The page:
New York Attorney General Letitia James and the Consumer Financial Protection Bureau (CFPB) filed a lawsuit against Credit Acceptance Corporation (CAC), one of the largest subprime auto lenders in the country, on behalf of thousands of low-income New Yorkers who were deceived into taking out high-interest auto loans. The claim charges that CAC pushed exorbitant advances onto a huge number of low-pay shoppers all through the state disregarding their capacity to reimburse their credits in full. CAC did not disclose thousands of dollars in credit charges and misrepresented important terms on loan agreements, such as the amounts of principal and interest. Additionally, CAC sold these fraudulent loans to investors as securities. Customers’ credit scores were lowered as a result of these dishonest lending practices, which cost New Yorkers millions of dollars. The lawsuit aims to end CAC’s dishonest and abusive practices, modify or eliminate existing loan agreements with CAC, and recover compensation for affected customers.
Attorney General James stated, “CAC claimed to help low-income New Yorkers purchase cars, but instead drove them straight into debt.” By luring people into unaffordable, high-interest auto loans and making backroom deals with dealers to safeguard their own profits, CAC led hardworking New Yorkers into financial ruin. People were hurt and left in debt as a result of these predatory acts. I appreciate the CFPB’s collaboration in stopping this harm and protecting everyday New Yorkers.
According to Director of the Consumer Financial Protection Bureau (CFPB), Rohit Chopra, “Credit Acceptance obscured the true cost of its loans to car buyers, leading to severe financial distress for borrowers and subjecting them to aggressive debt collection tactics on loans its own systems predicted that borrowers can’t afford to repay.” In collaboration with the New York Attorney General, the CFPB is taking action to end Credit Acceptance’s illegal practices and restore consumer confidence.
CAC is a subprime auto lender that says it can help low-income borrowers with little or no credit improve their credit and get approved for a loan. The Office of the Attorney General (OAG) conducted an investigation and discovered that CAC’s lending practices were dishonest, resulting in massive debt for tens of thousands of New Yorkers. In addition, the OAG’s investigation revealed that CAC routinely persuaded borrowers to acquire vehicles that were significantly less valuable than their loans. Many borrowers still owed thousands of dollars on their loans due to this predatory practice, which resulted in the repossession of their vehicles. Through lawsuits, default judgments, debt collection, and wage garnishment, CAC attempted to collect on those loans. Hidden credit charges that were incorporated into the loan agreements by CAC and the car dealerships they were affiliated with cost even borrowers who paid off their CAC loans thousands of dollars more.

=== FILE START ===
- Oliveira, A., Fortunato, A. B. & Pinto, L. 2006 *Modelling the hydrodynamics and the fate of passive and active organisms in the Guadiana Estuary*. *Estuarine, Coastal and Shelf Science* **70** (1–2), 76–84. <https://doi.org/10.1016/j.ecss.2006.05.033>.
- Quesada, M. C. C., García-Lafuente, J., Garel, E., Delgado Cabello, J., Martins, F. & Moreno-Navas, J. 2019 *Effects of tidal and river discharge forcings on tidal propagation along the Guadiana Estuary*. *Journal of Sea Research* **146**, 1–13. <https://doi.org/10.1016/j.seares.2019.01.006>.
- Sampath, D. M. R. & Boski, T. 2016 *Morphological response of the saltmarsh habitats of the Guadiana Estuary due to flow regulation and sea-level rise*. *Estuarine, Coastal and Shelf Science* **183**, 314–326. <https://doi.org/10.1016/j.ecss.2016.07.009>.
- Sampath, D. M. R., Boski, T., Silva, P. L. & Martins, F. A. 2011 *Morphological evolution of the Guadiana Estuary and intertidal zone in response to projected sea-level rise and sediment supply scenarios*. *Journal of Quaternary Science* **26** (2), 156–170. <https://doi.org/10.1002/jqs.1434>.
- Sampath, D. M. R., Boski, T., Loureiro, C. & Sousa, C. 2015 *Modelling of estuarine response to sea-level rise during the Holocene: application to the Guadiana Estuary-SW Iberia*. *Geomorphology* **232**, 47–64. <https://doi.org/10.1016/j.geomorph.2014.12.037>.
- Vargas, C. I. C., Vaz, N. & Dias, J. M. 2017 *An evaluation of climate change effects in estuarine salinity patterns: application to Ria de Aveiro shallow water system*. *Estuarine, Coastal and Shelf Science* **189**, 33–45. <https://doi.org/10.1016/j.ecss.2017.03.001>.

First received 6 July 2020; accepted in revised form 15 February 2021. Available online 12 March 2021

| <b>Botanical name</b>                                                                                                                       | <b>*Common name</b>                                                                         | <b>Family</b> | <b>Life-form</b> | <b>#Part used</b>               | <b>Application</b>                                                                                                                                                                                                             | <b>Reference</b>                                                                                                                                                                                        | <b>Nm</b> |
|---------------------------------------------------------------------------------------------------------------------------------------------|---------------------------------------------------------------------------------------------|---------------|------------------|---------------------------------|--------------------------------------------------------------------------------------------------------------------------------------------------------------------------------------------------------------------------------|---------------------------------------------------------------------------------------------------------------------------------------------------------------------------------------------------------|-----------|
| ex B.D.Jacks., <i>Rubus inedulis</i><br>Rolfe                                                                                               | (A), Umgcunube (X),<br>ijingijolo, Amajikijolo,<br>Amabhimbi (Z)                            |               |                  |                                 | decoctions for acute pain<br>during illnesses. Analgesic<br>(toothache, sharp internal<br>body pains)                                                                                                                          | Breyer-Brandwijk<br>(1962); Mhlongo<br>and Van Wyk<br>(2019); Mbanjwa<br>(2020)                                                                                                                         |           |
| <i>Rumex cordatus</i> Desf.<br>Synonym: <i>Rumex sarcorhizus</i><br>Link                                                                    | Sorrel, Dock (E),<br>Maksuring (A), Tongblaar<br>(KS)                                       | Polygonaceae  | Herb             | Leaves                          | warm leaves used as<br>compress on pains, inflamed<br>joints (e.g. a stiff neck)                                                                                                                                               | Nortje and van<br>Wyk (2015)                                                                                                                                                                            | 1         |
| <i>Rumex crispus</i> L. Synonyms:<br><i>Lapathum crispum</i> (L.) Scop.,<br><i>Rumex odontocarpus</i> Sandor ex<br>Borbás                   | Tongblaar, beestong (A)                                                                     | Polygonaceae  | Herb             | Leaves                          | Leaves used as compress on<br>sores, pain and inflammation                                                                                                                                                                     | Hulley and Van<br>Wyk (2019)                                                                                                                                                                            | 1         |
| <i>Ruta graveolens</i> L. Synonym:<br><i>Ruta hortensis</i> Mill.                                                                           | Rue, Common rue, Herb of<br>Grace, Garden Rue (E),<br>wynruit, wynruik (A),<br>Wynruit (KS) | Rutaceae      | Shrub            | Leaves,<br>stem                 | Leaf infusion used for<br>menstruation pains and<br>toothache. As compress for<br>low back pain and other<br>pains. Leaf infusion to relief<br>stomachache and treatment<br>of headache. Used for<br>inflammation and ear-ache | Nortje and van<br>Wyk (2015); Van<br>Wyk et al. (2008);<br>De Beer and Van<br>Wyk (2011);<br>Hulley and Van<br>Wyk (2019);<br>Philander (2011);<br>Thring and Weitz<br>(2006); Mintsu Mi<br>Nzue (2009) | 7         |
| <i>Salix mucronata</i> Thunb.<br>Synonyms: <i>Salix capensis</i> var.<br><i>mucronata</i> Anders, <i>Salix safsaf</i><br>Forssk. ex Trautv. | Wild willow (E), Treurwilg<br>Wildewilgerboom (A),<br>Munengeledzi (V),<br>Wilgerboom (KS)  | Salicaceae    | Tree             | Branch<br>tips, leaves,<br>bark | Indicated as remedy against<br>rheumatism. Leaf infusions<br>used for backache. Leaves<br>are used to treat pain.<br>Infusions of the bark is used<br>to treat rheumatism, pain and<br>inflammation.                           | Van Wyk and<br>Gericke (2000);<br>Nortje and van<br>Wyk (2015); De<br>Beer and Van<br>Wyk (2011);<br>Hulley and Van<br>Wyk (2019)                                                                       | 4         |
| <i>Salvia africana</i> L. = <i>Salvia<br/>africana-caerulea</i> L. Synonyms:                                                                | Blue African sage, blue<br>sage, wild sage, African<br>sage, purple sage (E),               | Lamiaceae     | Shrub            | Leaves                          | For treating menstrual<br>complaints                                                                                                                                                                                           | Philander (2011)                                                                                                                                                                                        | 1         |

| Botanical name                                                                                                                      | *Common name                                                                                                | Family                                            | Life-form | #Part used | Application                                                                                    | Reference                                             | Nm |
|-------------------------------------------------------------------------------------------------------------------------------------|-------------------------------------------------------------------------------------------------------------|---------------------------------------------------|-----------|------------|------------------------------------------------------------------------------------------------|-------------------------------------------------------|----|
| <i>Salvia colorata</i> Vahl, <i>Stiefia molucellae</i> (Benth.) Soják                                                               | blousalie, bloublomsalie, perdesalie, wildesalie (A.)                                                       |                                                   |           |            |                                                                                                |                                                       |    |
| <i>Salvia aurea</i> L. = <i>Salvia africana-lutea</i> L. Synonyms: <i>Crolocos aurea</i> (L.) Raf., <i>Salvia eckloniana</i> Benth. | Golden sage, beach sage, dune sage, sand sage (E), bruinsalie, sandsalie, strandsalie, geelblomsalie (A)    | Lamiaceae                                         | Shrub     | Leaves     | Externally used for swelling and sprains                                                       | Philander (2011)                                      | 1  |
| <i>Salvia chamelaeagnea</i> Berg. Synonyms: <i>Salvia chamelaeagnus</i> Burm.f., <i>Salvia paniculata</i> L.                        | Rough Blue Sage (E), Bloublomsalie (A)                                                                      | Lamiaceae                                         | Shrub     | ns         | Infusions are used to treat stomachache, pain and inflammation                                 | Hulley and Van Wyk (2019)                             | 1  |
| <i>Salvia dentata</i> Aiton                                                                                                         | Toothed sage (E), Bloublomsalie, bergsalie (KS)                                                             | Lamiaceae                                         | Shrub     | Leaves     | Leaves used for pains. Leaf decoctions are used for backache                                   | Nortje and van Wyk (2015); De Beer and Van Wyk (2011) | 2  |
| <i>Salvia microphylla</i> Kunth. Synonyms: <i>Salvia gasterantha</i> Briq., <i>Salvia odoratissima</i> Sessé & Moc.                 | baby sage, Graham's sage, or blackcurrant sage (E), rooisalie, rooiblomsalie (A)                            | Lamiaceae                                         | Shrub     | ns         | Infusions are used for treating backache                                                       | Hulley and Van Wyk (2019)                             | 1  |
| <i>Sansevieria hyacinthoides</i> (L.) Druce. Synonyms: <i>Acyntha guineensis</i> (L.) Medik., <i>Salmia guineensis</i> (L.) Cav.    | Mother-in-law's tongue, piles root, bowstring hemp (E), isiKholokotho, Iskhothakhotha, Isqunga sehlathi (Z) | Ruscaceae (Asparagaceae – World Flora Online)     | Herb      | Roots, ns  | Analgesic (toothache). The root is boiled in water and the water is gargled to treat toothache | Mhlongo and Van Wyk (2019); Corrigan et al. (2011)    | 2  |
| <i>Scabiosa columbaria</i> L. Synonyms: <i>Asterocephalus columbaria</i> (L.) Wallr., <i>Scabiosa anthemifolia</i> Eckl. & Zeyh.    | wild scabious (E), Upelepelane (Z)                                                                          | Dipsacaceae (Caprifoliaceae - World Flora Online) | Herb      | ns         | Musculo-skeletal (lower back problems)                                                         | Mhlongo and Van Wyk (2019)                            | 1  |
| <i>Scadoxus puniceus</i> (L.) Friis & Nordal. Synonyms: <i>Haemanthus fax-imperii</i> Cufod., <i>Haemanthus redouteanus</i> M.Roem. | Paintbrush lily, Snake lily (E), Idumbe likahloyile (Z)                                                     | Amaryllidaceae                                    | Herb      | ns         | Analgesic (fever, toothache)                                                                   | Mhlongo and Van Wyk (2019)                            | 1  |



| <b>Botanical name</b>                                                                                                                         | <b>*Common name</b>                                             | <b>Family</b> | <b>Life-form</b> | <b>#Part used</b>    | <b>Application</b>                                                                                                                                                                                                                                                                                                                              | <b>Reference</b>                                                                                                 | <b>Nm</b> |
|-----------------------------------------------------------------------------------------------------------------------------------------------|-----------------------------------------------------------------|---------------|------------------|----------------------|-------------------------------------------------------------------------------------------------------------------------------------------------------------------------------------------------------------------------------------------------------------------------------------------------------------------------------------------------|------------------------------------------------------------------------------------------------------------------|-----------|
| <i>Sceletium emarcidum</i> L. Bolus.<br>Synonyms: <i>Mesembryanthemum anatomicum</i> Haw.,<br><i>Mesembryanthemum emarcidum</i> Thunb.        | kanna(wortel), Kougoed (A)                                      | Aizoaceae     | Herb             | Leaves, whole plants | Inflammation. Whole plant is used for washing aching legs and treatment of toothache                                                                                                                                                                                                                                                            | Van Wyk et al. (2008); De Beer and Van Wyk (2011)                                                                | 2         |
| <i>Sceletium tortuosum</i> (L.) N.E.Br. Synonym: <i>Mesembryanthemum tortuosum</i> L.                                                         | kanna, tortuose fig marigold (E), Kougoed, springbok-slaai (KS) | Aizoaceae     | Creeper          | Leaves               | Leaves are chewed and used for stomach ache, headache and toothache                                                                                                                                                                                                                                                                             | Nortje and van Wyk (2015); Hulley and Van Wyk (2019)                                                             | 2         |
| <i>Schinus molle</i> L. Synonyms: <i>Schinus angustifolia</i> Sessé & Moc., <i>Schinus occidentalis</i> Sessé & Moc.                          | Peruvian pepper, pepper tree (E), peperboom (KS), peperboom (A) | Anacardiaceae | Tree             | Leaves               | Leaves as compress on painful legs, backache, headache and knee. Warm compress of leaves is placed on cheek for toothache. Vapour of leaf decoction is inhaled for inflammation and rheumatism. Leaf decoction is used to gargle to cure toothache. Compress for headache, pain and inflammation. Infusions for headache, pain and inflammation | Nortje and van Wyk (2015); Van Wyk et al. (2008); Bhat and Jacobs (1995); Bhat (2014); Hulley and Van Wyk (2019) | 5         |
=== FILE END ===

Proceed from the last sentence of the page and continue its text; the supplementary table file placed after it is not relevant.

The OAG’s investigation revealed that, despite the fact that CAC’s loan agreements in New York claimed an annual percentage rate (APR) of 22.99% or 23.99%, the company actually charged more than 38% APR on average and more than 100 percent APR on numerous occasions. Nearly 90% of New York borrowers defaulted on their loans at some point as a result of CAC’s high-interest loans. This frequently resulted in additional fees that increased the already high cost of their auto loans. With 44% of New York borrowers experiencing repossession at some point, more than half of borrowers failed to repay their loans in accordance with the terms of the loan agreements.
One customer, who supports two minor children, signed up for a CAC loan that required her to pay more than $13,000, despite the dealer needing only $5,614 to sell her the car. This serves as an illustration of the typical business practices of CAC. CAC repossessed her vehicle, sold it at auction, and sued her for more than $7,500 after she paid them more than $7,600.
According to the lawsuit, CAC accurately predicted how much money it could extract from borrowers through loan payments, late fees, auctions, repossessions, debt collection, and wage garnishments without taking into account a customer’s capacity to repay the loan. Following that, CAC offered to divide the anticipated collections among its affiliated dealers. Even if the borrower fell behind on payments, defaulted, or had the vehicle repossessed, CAC and the dealer would still benefit from this practice as long as it collected the anticipated amount.
The lawsuit also claims that CAC made deals with its affiliated dealerships and helped them deceive customers into buying expensive add-on products. CAC did not take any action to stop its dealers from deceiving customers into believing that these products were required, despite receiving numerous complaints that dealers included the products without the customer’s consent. Instead, CAC adopted e-signing practices that made it easier for dealers to include the products with little or no notice to consumers and continued to encourage dealers to promote these products.
The last move toward CAC’s duplicity was to dump a huge extent of the credits onto clueless financial backers, bundling the buyer credits into protections. CAC represented to investors, rating agencies, and initial purchasers of these securities that the underlying loans complied with applicable law during the creation, marketing, and sale of these securities. However, these assertions were untrue, and the lawsuit asserts that CAC’s statements were securities fraud in accordance with the Martin Act of New York.
Attorney General James seeks to put an end to CAC’s dishonest and abusive practices, reform or rescind existing loan agreements, compensate affected New Yorkers, and demand penalties and damages from CAC for their unacceptable and illegal behavior through this lawsuit.